18. The phased array antenna of claim 15 wherein said antenna elements comprise a conformal antenna and wherein said delay pattern is derived from the shape of said conformal antenna.
19. The phased array antenna of claim 15 wherein said signal means simultaneously receives a plurality of electrical data signals, and said means for converting produces simultaneously a plurality of modulated optical signals at different wavelengths, and wherein said antenna elements simultaneously receive a plurality of electrical signals and a plurality of delay patterns, whereby said antenna elements can direct multiple beams in multiple directions simultaneously.
20. The phased array antenna of claim 15 wherein said means for converting said electrical data signals into modified optical signals comprises a wavelength selectable tunable laser and wherein said predetermined delay pattern and resultant in beam direction is determined by the selection of the wavelength of the tuneable laser output.
21. The phased array antenna system of claim 15 wherein said optical delay processor further comprises:
optical coupler means including input, output and interface points, said coupler means receiving said optical signal from said input means at said coupler input point and routing it out of said coupler at said interface point, said coupler means also directing optical signals entering said interface point out of said coupler at said output point; and
time delay unit coupled to said coupler interface point for directing said optical signal along a path and reflecting the signal back to said interface point, the time delay unit comprising an optical fiber having reflective elements spaced at intervals along said fiber, said reflecting elements reflecting light received from said interface point and back to said interface point, said reflective elements reflecting light received from said interface point and back to said interface point, said reflective elements each substantially reflecting a different band of wavelengths, wherein different wavelengths of light travel optical paths of different lengths within said optical fiber.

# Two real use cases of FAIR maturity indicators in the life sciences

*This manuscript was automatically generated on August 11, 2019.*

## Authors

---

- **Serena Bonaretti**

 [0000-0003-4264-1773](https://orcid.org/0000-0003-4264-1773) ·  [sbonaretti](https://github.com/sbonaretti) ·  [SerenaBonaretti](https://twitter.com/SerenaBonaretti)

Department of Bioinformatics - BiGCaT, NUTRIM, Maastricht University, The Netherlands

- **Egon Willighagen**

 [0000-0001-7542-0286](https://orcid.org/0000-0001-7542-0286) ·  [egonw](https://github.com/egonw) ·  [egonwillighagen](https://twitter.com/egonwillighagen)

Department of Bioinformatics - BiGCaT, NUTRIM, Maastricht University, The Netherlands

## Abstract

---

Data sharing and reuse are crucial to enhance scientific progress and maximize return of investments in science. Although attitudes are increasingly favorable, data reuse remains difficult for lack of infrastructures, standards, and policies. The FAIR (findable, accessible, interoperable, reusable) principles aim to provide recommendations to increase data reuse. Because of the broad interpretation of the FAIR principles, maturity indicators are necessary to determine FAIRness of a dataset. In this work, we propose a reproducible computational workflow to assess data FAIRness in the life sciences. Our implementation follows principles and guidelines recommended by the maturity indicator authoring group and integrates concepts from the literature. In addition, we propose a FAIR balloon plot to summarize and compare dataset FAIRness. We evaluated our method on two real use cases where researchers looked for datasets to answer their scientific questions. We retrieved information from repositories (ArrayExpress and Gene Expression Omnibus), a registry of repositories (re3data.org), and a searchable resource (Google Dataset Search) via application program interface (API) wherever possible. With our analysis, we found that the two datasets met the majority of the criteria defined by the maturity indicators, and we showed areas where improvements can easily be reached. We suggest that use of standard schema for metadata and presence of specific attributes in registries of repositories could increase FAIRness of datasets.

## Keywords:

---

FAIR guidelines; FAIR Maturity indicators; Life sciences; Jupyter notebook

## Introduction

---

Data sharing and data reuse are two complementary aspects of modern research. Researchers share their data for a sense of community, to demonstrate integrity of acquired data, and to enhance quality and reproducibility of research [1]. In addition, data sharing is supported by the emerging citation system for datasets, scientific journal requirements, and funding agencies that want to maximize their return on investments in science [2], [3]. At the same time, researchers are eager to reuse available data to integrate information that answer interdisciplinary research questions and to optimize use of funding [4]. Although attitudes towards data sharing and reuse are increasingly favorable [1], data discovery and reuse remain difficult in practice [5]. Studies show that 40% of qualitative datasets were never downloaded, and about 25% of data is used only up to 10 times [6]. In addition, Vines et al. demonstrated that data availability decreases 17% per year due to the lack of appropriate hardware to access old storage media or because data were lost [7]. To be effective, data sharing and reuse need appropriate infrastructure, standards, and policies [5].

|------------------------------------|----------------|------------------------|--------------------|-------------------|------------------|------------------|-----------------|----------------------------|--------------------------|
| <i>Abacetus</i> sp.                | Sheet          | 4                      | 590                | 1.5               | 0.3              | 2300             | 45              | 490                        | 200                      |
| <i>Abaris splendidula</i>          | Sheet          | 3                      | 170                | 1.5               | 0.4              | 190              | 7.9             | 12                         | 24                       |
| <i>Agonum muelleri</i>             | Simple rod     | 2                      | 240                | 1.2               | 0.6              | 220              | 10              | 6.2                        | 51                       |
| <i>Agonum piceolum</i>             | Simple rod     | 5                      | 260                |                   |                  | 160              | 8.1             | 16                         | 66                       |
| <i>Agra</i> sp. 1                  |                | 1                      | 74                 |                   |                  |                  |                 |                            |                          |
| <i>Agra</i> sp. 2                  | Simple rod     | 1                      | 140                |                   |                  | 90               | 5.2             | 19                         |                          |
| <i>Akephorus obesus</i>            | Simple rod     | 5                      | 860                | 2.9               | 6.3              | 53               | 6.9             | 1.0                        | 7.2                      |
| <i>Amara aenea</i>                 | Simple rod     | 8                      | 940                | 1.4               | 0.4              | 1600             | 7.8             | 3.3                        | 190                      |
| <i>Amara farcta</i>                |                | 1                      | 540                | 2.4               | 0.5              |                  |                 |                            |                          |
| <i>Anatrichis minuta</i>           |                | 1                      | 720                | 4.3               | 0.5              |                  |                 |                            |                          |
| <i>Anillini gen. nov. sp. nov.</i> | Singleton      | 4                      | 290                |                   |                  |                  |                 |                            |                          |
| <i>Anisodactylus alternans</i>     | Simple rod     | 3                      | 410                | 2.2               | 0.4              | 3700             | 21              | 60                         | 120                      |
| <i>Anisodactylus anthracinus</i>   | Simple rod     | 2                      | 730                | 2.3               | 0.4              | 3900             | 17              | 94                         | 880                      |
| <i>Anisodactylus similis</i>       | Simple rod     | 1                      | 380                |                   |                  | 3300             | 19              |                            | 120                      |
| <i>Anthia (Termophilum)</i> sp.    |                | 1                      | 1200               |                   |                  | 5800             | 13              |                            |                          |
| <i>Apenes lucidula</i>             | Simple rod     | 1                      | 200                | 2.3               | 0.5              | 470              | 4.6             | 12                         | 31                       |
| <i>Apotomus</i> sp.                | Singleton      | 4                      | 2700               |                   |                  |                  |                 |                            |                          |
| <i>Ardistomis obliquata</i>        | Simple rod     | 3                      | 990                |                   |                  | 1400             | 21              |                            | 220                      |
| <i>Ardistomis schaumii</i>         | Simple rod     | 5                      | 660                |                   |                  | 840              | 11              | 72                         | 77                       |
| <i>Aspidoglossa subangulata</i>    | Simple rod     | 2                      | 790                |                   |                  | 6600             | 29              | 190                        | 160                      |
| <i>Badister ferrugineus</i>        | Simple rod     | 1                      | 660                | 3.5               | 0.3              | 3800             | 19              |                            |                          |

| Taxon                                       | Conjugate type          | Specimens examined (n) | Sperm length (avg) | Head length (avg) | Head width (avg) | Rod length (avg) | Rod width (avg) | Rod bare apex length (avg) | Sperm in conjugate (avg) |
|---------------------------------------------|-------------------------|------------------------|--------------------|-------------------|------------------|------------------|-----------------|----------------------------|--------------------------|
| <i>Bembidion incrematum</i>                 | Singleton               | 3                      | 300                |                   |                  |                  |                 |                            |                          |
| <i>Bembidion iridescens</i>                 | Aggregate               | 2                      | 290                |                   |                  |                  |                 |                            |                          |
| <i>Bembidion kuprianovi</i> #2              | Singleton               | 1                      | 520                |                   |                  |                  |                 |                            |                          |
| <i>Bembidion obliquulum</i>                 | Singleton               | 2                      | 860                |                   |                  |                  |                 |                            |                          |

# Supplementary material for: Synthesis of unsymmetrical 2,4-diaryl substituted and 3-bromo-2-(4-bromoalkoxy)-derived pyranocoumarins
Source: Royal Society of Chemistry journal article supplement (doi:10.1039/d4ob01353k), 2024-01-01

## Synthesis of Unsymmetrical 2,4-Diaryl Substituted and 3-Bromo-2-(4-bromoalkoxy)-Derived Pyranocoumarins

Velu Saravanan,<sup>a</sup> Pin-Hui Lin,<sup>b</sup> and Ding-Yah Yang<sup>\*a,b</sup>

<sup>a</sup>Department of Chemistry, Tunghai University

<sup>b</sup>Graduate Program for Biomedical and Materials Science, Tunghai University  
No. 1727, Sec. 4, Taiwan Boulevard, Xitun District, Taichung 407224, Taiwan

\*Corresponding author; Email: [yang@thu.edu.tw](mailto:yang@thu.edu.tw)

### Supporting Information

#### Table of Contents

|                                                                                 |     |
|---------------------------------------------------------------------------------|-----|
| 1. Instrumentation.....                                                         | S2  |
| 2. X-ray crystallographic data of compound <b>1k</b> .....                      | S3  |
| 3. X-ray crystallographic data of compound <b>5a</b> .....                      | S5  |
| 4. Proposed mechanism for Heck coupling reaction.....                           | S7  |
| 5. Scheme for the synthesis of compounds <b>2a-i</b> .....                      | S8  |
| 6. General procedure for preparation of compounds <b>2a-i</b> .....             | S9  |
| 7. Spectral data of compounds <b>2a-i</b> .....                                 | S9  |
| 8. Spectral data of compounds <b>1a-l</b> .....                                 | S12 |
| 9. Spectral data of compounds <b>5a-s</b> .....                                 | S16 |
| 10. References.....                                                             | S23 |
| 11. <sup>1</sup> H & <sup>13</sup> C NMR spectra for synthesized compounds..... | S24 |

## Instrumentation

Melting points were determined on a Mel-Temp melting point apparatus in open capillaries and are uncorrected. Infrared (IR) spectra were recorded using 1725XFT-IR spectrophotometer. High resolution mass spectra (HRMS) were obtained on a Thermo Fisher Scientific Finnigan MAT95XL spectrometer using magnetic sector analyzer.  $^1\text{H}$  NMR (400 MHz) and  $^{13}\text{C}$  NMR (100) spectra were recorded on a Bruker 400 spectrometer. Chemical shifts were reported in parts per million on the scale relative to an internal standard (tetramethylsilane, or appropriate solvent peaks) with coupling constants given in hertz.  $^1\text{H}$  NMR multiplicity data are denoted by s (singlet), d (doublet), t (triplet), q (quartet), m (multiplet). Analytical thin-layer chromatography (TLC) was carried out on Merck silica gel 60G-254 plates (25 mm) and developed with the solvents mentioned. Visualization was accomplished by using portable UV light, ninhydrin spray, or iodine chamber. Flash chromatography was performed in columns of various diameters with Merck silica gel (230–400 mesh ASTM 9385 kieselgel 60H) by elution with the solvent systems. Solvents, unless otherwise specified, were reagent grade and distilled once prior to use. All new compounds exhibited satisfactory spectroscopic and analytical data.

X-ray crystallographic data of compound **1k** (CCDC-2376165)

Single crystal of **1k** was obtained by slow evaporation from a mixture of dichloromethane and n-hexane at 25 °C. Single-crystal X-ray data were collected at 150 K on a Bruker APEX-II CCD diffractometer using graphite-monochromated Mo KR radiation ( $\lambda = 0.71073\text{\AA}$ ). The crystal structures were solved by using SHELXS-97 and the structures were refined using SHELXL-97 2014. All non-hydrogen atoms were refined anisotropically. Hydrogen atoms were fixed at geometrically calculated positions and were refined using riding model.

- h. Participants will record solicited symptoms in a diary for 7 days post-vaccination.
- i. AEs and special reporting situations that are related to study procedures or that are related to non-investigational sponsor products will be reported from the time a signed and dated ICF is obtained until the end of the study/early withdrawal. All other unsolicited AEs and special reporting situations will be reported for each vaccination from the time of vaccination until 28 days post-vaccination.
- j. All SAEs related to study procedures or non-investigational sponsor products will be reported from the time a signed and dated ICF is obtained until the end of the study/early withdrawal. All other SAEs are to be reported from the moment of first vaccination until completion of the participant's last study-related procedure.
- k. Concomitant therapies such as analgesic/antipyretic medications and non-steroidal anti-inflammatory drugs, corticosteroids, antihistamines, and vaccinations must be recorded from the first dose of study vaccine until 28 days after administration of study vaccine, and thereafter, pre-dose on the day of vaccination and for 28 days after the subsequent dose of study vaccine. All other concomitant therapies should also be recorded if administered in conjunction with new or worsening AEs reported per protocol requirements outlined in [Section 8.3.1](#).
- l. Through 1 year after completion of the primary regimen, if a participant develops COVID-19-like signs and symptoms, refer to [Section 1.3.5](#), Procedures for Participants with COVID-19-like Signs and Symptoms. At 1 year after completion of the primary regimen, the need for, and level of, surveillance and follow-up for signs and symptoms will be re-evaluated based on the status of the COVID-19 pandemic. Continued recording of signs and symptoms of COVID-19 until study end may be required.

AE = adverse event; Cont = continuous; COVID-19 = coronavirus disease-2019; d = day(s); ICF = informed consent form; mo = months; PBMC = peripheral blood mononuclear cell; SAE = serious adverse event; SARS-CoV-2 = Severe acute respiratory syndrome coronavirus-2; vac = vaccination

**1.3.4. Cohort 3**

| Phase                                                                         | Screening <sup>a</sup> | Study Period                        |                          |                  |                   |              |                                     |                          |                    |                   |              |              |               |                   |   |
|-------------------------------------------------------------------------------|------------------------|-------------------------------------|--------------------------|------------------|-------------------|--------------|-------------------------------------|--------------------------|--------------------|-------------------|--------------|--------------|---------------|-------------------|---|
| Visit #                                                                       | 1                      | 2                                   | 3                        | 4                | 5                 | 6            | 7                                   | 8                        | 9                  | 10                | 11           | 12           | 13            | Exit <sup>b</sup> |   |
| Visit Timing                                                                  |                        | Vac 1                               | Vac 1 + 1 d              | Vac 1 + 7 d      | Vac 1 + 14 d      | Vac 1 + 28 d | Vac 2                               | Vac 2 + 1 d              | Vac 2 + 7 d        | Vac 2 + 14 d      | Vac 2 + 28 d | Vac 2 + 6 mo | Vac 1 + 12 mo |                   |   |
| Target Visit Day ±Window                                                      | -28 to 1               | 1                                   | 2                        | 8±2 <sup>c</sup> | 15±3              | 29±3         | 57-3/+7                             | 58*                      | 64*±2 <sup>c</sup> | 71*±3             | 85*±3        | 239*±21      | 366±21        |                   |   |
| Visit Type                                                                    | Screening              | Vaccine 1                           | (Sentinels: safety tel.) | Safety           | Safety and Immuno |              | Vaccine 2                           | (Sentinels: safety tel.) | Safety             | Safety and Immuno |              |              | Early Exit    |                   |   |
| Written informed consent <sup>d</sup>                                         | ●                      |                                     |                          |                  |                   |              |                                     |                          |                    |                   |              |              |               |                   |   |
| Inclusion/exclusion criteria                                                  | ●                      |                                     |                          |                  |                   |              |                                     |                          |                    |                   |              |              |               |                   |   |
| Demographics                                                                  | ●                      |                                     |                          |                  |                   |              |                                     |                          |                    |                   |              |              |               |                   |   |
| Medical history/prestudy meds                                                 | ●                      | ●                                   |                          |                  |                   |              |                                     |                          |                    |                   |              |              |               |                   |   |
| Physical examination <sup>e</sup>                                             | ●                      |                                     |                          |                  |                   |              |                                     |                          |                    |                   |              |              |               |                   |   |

22. The phased array antenna system of claim 15 wherein said optical delay processor further comprises:
optical coupler means having input, output and interface points, said optical coupler receiving said optical signal from said input means at said coupler input point, and routing it out of said coupler at said interface point, said coupler means also directing optical signals entering said interface point out of said coupler at said output point;
time delay unit coupled to said coupler interface point for directing said optical signal along a path and directing said signal back to said interface point, the time delay unit including a dispersive element for reflecting said optical signal at an angle that is a function of the wavelength of the optical signal, said time delay unit including a reflecting means for reflecting said optical signal back to said dispersive element along an optical path whose length is a function of said angle, wherein the total path length of said optical signal in said time delay unit depends on its optical wavelength; and
light output means coupled to said coupler output point, whereby the total time it takes said optical signal to travel from said input means to said output means depends on its wavelength.
23. An optical signal processing system comprising:
a plurality of input means each receiving an identical portion of a modulated optical beam, the optical beam having a predetermined wavelength;
a succession of optical delay pathways each coupled to one of said input means, wherein the distance each beam traverses through each delay pathway varies as a function of said predetermined wavelength of the optical beam, and wherein said distance for any one of said predetermined wavelengths creates a predetermined delay pattern across said succession of optical delay pathways;
signal input means for receiving at least one electrical data signal;
means for converting said electrical data signal into a modulated optical signal;